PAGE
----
What Is Roughing the Kicker in Football? A Rule Explanation

A punter kicking the ball.

Many penalties in football are in place to protect players from injury and all “roughing” penalties fall into this category. In particular, kickers, including both the punter and placekicker, are some of the most vulnerable players on the field.

So, what is roughing the kicker?

Roughing the kicker is a 15-yard penalty that’s assessed against the defense if a defender contacts the plant leg of a kicker while his kicking leg is in the air. When roughing the kicker is called, the kicking team gains 15 yards from the spot of the kick and gets a new set of downs.

While that’s a quick overview of roughing the kicker, there’s a lot more that goes into the penalty. Stick around to learn all there is to know about roughing the kicker!

What Is Roughing the Kicker in Football?

Roughing the kicker is a rule that protects both placekickers and punters from unnecessary hits while in the act of kicking. Roughing the kicker exists because hits on kickers can lead to injuries due to their vulnerability while kicking the ball.

Kickers are essentially defenseless when their kicking leg is in the air and their plant leg is sustaining their weight. If hit while in this position, the chance of injury becomes more likely, and this is why the roughing the kicker penalty exists.

If called, the penalty for roughing the kicker has two components:

  • It is a 15-yard personal foul penalty that is enforced from the spot of the ball.
  • An automatic first down is awarded to the kicking team regardless of what the down and distance were when the foul occurred.

There are also two defined instances when a roughing the kicker penalty can be called. These two instances are:

  • The plant leg of the kicker is contacted by a defender while the kicking leg is still in the air.
  • Both of the kicker’s feet are on the ground but are slid into by a defender with sufficient force to be ruled a roughing penalty.

When in doubt, officials err on the side of caution and call roughing the kicker penalty.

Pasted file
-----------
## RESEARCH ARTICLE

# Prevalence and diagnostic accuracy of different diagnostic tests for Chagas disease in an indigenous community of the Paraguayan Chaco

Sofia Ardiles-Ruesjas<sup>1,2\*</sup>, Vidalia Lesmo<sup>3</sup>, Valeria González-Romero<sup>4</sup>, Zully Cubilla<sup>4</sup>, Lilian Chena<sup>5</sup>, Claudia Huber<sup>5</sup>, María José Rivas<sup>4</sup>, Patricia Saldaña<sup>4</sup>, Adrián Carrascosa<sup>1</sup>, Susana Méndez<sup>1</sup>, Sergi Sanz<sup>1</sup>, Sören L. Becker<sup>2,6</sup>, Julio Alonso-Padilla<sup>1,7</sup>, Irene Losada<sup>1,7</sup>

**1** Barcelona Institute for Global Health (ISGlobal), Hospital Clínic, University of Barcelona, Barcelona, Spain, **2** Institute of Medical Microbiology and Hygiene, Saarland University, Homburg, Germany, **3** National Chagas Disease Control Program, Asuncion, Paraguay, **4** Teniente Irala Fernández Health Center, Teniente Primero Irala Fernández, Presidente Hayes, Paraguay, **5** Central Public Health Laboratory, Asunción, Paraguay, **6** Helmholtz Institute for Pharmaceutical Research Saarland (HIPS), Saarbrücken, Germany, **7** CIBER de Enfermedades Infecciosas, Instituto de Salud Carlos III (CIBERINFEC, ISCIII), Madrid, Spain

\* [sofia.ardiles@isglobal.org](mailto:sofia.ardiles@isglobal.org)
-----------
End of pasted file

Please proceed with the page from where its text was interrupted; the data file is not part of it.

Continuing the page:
What Is the Roughing the Kicker Rule?

As it applies to the National Football League, the roughing the kicker rule is clearly outlined in the NFL rulebook, “Official Playing Rules of the National Football League.” It is found in “Rule 12. Player Conduct” in “Section 2 – Personal Fouls” and outlined in detail in “Article 12. Roughing/Running Into the Kicker” of that section.

When Did Roughing the Kicker Become a Rule?

The actual term “roughing the kicker” dates back to 1914. Before that, it was known as “running into the fullback after the kick.” The rule was further clarified in 1917 when it was decided that the penalty for roughing the kicker should be measured from the spot where the ball was put into play.

As a point of distinction, it is important to note that the early names for positions on an American football team were derived from rugby union positional names. The fullback in rugby is the player that lines up the furthest behind the backline, which is why he is called the “full-back.” You also had half-backs, quarter-backs, and flankers, which all found their way into American football terminology.

What Is the Signal for Roughing the Kicker?

The signal for roughing the kicker by a referee starts off as the personal foul signal followed by an identifier that took place during a kick. To start off, the referee extends his left arm out with a closed fist. He then takes a close-fisted right hand and uses a chopping motion to place it on his left forearm or wrist.